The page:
Otherwise, I’m letting Jenny Craig, Weight Watchers, Dr. Oz, Michelle Obama, weight loss surgery providers, and the authors of endless dubious articles about how fat people don’t have lives tell their story and paste my name on it. I’m letting down the millions of eight year olds starting their first diets because I’m not sharing the fact that being fat isn’t the end of the world.

    What we have in common here in this space is fat. We come in different colors, different heights, different measures of fat, different levels of ability not just physically, but intellectually as well. We come from different places, belong to different political parties. We have different family experiences ranging from Rockwellian to Orwellian.

    And that’s the thing. Prejudice says we’re all alike. Dr. Oz tells his viewers that we’re all the same and what we are is lumps of fat, period.

    But that’s not the case. We’re athletes and we’re couch potatoes. We’re vegans and omnivores. We whip up gourmet creations in beautifully appointed kitchens and we use our ovens to store important documents. We’re straight, we’re queer, we’re asexual. We pray to different gods and goddesses, and to nobody at all. We’re science geeks and we’re wafty artistic types. We’re fashionistas and we don’t care what our clothes look like as long as they cover our naughty bits enough so we don’t get arrested in public.

    In short, we are so much more than the sum of our fat, and the vast majority of the world isn’t hearing that fact.

    So yeah, I’m going to talk about my experience. It’s incomplete. I have privilege from being white and straight. I don’t know what it’s like to be black or gay or to have Aspberger’s or to use a wheelchair. I didn’t grow up in an abusive household. I can’t tell the world what it’s like to be you. I can only tell the world what it’s like to be me, and that I believe that all bodies – and the people inside them – are deserving of respect.

    That’s my story. I choose to tell it. And if I can get just one person to listen and to decide to get off the diet treadmill of futility, then it’s worth everything.

  2. It is difficult for me to tell my story. From a small child I was trained not to assert myself and to be quiet partly because I was female but especially because I was fat. I was a disappointment to my parents because I was fat instead of “pretty”. (Yes, I’m aware of the semantic fallacy there.) I was trained to think that since I was fat I should be ashamed and because I should be ashamed I should hide that which was shameful: my fat. Every time I share about my experiences living as a fat white woman in America I hear my mother saying, “Shut up, don’t make waves. Go sit down.”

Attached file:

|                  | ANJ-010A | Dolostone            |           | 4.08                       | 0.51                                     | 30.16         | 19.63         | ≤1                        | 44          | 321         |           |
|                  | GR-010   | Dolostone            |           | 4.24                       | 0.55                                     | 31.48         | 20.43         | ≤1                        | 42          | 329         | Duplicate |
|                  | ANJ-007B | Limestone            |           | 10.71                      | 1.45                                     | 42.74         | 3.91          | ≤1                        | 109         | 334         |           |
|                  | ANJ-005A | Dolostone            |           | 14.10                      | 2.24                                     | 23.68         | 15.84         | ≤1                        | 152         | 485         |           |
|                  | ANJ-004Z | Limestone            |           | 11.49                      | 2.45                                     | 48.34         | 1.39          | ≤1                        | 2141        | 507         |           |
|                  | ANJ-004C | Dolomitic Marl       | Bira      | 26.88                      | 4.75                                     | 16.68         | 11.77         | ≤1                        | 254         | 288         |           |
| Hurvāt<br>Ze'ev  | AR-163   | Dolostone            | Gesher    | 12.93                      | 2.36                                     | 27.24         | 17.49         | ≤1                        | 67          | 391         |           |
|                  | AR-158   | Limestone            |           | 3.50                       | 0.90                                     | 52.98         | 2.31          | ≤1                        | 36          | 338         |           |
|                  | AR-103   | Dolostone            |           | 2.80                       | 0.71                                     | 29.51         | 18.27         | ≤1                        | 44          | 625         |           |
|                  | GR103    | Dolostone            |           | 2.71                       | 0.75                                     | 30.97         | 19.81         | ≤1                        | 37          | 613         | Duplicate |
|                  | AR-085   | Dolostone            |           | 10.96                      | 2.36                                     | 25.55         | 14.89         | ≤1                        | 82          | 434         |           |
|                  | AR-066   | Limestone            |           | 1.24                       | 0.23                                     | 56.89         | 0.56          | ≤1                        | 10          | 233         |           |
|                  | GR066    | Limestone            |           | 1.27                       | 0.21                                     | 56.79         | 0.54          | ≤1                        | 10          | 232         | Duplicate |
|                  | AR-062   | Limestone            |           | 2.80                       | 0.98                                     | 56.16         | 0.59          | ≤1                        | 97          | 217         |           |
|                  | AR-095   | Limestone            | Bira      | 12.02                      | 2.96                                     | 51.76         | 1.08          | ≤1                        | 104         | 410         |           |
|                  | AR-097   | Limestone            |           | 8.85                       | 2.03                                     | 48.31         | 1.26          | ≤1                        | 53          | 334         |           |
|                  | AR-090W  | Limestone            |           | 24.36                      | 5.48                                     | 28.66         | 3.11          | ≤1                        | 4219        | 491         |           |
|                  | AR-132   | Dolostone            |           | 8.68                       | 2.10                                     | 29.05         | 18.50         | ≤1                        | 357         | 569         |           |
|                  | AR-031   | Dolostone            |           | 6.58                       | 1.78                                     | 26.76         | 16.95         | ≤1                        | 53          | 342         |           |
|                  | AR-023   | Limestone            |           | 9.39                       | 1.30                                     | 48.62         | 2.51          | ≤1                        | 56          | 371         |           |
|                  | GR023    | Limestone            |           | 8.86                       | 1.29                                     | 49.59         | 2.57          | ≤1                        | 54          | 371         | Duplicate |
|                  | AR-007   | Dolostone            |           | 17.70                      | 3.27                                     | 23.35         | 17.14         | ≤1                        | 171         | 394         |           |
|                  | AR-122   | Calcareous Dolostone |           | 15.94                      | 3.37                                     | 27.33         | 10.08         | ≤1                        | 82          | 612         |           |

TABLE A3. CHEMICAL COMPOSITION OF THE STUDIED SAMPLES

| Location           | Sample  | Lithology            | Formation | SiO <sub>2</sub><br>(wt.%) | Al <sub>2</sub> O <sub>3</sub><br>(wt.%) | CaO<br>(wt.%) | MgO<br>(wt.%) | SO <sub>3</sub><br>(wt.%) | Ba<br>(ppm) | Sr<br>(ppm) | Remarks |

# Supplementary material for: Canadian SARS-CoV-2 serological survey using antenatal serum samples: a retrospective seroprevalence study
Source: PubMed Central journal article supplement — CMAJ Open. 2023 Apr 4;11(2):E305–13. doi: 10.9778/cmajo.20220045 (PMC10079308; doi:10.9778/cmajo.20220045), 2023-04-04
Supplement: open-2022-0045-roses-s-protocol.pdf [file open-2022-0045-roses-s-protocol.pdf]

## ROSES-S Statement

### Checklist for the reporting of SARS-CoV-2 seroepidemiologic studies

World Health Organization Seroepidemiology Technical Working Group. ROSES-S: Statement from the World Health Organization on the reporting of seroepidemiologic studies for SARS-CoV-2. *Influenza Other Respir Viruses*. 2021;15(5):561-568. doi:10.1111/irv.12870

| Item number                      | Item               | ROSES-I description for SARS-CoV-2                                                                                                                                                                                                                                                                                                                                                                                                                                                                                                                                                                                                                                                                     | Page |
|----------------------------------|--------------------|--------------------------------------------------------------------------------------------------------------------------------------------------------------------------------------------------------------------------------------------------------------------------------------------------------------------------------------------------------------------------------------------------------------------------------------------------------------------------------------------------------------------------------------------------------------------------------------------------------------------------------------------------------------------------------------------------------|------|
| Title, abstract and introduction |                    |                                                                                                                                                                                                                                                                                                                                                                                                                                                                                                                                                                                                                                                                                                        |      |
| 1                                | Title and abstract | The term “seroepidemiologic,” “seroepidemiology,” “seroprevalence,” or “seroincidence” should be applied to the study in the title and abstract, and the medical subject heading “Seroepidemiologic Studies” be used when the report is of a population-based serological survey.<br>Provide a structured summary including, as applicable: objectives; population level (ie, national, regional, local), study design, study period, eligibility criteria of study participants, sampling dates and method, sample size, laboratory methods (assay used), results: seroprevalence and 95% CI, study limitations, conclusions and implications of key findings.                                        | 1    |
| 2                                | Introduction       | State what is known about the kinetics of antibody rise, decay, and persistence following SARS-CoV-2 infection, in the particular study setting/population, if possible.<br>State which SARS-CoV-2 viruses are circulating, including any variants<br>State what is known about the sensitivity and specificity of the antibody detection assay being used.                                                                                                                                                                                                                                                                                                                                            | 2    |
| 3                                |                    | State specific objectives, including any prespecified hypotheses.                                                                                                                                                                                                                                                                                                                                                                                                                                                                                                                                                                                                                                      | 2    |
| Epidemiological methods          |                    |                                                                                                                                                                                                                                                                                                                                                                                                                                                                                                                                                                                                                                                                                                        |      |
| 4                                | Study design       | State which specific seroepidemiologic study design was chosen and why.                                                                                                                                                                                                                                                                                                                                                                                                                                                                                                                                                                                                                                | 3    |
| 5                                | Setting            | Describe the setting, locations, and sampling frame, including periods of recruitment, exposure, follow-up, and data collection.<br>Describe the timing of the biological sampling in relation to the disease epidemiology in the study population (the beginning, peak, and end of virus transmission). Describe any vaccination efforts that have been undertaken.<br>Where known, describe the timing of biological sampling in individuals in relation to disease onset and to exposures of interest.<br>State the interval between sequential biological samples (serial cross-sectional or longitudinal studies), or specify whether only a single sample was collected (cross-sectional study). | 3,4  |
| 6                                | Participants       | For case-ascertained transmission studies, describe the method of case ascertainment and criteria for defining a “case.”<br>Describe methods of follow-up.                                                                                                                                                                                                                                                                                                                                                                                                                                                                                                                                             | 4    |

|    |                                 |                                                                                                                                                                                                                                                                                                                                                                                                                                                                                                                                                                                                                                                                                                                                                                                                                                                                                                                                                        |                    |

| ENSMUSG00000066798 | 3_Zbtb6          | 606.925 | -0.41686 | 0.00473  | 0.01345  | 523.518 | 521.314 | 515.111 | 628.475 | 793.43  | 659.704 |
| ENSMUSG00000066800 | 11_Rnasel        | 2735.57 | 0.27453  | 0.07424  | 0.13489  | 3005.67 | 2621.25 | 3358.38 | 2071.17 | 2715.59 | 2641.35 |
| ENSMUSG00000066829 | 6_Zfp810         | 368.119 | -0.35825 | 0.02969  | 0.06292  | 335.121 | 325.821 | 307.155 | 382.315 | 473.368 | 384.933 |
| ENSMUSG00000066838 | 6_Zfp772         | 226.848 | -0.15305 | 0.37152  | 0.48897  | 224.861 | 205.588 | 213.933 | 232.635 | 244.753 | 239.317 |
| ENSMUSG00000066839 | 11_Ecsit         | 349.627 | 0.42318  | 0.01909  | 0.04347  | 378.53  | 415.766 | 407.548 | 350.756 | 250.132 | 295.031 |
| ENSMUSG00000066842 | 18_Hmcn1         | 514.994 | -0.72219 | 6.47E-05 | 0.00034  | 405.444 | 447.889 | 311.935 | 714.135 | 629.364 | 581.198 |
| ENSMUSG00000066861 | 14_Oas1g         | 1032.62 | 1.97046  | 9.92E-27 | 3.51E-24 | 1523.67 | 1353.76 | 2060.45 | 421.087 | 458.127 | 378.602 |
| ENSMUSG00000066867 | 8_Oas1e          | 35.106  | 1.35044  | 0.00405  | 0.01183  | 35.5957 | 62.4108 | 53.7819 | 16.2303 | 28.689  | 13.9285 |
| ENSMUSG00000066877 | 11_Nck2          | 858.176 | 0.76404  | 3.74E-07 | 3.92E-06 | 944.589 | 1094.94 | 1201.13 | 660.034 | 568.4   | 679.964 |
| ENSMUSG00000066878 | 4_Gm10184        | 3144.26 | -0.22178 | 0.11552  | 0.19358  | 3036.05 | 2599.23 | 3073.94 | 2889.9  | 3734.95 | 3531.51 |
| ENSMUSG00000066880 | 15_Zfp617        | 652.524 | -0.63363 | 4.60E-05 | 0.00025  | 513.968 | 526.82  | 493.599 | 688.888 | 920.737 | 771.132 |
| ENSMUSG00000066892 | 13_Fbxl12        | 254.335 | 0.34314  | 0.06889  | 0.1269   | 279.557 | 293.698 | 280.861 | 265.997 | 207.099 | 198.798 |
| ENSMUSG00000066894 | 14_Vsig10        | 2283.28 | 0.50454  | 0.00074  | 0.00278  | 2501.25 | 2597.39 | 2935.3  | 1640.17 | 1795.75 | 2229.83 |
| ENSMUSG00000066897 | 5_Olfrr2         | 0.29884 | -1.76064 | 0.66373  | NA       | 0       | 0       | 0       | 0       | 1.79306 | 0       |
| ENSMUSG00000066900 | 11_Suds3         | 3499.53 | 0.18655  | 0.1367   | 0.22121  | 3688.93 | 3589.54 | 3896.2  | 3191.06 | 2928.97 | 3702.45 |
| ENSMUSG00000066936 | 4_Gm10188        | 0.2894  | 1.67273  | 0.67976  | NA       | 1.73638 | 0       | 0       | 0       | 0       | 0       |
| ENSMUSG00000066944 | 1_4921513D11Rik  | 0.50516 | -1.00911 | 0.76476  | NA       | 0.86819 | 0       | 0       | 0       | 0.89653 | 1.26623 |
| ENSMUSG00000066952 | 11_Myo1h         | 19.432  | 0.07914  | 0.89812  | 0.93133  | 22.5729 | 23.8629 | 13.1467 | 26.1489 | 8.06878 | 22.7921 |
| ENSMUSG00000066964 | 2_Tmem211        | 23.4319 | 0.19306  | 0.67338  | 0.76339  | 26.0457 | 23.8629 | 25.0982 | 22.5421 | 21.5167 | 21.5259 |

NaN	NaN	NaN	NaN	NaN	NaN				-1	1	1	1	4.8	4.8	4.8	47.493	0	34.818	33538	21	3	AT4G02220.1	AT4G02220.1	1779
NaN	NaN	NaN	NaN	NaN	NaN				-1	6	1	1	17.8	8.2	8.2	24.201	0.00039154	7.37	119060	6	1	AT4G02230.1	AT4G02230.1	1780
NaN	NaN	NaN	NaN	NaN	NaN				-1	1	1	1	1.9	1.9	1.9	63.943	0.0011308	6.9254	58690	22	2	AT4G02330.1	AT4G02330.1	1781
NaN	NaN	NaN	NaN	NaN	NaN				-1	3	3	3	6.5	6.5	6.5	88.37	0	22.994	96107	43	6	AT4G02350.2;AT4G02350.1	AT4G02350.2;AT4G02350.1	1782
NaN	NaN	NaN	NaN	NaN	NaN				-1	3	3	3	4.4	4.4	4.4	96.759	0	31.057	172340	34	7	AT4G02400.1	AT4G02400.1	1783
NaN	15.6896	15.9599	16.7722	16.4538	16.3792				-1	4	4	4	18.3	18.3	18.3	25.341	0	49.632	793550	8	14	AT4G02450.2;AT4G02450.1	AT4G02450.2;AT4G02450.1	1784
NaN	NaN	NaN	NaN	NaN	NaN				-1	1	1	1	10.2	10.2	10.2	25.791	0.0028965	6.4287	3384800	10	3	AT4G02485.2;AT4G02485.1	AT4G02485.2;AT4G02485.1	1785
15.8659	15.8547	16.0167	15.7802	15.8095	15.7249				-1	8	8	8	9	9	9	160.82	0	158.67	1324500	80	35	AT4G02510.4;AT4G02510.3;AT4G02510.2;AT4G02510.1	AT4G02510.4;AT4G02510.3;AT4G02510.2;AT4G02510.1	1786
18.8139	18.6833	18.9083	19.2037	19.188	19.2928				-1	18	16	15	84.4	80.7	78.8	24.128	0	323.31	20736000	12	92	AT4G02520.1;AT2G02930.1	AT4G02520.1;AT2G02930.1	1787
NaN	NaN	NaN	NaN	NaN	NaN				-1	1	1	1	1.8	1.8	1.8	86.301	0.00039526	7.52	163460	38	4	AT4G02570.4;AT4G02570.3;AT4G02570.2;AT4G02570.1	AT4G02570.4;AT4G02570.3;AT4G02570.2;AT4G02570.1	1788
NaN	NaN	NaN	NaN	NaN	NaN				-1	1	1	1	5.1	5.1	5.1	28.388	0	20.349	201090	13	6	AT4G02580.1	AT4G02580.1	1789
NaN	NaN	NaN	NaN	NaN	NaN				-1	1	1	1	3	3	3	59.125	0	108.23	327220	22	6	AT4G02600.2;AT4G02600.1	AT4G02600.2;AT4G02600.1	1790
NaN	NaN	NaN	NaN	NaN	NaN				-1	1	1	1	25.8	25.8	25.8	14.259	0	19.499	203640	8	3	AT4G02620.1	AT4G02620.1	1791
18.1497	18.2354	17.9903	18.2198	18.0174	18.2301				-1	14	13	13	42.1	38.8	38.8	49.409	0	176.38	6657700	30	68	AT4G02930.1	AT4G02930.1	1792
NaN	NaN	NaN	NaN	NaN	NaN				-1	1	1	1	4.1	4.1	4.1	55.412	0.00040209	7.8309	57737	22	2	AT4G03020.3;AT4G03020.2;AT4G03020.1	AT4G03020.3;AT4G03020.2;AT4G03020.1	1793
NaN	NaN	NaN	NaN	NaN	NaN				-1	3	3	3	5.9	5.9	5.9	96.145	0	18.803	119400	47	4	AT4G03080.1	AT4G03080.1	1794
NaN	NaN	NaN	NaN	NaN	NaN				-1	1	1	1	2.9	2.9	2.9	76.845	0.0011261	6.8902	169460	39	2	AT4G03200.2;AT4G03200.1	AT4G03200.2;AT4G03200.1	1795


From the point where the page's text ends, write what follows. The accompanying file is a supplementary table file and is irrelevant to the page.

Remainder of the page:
I’ve been cutting my eye teeth tryng to learn how to tell my story in spaces such as this one around the fatosphere and a little on Facebook amongst my family. But every time I do, I still hear my mother. I hear her even now as I type this very sentence.

    Sorry Mom, but I’m going to hit enter now. I love you but about this you were wrong.

    1. I had trouble telling my story the first time, but as with most things it gets easier with practice. I’ve now started making my regular spaces more accepting and am slowly changing minds just by being slightly different from the stereotype and speaking up.

      I’ve had it easier as my family is fairly supportive, but hitting enter that first time is one of the bravest things you can do, be proud of yourself.

    2. I wasn’t fat as a teenager (even though I thought I was) but I was also taught that as a female I didn’t have the right to assert myself. This led to me saying yes in circumstances where I really wanted to say no with boys. I always regretted it.

  3. Beautifully said, Ragen. As always, I enjoy your elegant logic. And, as someone who frequently answers the fat/fit question with, “That doesn’t matter. What matters is my humanity and my right to be treated as valid no matter the stereotypes,” I acknowledge I am only half of the equation. I can say what I say because I know others are addressing the misinformation. They can do what *they* do because they know people like me are appealing to folks’ emotions (and sense of decency).

    Our movement needs many type of people. I’m glad we can count you among them. 🙂